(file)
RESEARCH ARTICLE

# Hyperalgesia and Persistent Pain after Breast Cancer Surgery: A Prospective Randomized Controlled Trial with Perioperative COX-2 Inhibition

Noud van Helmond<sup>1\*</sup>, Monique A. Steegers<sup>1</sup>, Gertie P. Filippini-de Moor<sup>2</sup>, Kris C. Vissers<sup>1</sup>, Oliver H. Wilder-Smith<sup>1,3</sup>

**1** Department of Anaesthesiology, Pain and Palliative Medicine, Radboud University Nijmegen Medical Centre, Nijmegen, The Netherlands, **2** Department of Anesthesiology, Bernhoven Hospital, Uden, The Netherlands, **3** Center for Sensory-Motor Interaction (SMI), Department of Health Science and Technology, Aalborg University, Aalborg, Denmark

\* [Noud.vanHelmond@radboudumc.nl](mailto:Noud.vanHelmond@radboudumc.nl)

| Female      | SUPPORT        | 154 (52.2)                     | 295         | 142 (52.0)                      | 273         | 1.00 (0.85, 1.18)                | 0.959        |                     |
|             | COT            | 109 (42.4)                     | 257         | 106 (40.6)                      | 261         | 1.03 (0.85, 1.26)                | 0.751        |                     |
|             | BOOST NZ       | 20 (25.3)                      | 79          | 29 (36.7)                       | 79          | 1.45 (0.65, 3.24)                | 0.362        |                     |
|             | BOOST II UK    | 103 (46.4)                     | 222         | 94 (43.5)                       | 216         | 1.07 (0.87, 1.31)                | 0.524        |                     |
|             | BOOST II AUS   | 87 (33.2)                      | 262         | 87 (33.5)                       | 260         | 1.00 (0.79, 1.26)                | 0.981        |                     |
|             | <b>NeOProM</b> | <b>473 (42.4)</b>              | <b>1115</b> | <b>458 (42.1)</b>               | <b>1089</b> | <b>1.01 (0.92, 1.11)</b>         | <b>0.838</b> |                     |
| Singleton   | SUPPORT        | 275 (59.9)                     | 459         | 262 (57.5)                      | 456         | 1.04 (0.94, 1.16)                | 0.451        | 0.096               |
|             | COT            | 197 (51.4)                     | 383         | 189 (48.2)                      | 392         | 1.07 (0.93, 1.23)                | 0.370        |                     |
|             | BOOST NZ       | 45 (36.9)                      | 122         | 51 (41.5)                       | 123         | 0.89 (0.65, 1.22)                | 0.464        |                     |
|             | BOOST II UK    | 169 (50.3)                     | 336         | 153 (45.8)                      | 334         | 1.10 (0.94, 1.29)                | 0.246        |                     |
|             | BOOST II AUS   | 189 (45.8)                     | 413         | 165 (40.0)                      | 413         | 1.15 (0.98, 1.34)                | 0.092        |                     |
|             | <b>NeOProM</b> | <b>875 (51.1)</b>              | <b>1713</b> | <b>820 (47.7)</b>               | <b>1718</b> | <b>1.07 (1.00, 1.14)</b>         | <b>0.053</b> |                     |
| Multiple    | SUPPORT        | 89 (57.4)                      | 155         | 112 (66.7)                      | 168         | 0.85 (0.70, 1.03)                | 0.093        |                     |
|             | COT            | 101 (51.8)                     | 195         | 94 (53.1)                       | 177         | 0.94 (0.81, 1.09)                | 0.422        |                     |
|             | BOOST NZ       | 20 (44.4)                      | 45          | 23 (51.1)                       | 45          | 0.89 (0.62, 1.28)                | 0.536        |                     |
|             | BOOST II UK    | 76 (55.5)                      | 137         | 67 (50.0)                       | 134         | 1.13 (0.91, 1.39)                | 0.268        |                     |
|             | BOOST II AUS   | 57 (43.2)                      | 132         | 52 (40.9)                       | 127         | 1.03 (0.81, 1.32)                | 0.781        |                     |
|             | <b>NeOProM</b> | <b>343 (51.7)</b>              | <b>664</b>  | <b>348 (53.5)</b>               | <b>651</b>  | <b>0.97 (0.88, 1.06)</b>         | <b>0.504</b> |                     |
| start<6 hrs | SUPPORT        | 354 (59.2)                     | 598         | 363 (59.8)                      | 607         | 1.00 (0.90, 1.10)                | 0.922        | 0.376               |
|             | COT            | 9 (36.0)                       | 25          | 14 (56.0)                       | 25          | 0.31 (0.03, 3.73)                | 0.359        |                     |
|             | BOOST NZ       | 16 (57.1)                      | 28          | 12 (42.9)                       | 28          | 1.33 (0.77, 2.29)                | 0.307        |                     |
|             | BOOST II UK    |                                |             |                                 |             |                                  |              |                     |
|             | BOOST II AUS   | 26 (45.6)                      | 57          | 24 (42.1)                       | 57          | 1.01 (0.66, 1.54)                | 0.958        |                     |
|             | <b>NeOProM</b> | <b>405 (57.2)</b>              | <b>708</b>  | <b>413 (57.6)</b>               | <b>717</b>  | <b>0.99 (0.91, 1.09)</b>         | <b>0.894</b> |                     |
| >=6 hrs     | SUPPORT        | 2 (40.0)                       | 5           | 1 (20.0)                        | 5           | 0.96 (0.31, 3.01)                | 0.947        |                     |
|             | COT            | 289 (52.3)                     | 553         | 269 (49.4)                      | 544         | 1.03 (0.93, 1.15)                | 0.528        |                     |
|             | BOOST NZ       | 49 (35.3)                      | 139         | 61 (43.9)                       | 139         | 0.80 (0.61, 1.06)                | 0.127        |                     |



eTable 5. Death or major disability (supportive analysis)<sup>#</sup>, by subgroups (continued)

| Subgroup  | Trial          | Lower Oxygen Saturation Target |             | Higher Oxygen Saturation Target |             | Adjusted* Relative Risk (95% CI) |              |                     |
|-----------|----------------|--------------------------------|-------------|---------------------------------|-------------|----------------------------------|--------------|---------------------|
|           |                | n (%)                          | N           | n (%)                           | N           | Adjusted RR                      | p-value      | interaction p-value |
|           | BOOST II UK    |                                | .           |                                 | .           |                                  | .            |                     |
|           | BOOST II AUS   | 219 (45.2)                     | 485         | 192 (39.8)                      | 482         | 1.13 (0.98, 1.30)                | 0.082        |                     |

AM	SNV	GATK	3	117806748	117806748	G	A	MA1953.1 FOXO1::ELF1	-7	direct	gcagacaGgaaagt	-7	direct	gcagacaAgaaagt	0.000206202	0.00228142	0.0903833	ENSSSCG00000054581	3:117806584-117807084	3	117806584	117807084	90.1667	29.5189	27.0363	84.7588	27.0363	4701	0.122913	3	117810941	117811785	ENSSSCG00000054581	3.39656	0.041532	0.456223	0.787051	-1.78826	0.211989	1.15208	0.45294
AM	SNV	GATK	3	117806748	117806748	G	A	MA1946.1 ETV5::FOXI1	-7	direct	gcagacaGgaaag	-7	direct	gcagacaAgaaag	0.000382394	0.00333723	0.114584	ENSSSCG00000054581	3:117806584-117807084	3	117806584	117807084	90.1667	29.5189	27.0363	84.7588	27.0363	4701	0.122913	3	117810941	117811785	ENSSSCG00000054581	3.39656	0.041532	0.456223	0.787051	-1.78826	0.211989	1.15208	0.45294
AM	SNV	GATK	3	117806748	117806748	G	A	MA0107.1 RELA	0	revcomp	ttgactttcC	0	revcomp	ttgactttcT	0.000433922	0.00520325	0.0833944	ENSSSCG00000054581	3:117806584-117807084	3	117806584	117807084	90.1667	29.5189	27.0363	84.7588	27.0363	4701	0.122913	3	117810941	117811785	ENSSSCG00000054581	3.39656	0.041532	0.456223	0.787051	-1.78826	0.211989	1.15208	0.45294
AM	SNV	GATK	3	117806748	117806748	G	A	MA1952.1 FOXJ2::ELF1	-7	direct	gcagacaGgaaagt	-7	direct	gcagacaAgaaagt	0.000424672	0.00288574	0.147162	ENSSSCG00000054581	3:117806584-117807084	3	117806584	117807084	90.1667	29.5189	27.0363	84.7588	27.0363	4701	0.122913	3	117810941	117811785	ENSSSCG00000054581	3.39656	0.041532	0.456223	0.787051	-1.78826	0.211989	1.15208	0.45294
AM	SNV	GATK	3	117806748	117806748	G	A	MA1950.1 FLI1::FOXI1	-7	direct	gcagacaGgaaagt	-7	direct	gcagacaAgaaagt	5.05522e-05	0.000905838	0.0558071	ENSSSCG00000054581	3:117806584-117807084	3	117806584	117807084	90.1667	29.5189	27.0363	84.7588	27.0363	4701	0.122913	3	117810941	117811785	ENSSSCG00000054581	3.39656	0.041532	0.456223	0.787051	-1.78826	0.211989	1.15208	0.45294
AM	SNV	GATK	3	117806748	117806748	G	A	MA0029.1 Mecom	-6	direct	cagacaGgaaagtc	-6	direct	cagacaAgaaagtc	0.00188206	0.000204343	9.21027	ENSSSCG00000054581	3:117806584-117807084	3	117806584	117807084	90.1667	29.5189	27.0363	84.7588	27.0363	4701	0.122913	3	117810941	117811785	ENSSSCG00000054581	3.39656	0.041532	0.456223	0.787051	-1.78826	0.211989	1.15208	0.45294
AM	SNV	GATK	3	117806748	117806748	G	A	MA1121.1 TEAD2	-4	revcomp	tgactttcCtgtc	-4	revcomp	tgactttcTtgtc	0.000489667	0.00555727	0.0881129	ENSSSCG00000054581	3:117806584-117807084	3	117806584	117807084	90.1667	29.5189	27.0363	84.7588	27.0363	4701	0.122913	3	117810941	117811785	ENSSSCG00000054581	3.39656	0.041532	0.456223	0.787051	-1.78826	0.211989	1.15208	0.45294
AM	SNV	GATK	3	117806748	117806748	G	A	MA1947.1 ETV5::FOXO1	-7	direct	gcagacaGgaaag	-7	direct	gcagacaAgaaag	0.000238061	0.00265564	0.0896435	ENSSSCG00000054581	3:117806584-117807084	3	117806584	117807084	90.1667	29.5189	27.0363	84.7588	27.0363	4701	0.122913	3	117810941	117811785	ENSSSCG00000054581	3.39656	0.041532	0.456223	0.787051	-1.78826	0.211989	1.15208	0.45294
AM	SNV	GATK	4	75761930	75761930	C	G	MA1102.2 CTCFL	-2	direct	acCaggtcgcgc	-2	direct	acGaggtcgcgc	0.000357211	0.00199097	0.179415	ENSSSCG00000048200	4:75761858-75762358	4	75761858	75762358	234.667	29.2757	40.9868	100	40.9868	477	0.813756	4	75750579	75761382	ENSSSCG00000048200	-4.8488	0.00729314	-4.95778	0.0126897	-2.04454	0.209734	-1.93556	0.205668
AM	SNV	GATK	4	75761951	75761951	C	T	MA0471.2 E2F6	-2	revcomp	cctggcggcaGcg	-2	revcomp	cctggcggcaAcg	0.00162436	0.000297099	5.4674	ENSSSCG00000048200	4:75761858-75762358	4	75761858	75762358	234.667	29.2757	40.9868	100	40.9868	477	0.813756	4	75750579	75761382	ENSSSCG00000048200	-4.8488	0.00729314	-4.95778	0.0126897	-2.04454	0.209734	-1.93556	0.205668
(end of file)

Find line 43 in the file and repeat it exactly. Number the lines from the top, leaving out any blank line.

AM	SNV	GATK	3	117806748	117806748	G	A	MA1950.1 FLI1::FOXI1	-7	direct	gcagacaGgaaagt	-7	direct	gcagacaAgaaagt	5.05522e-05	0.000905838	0.0558071	ENSSSCG00000054581	3:117806584-117807084	3	117806584	117807084	90.1667	29.5189	27.0363	84.7588	27.0363	4701	0.122913	3	117810941	117811785	ENSSSCG00000054581	3.39656	0.041532	0.456223	0.787051	-1.78826	0.211989	1.15208	0.45294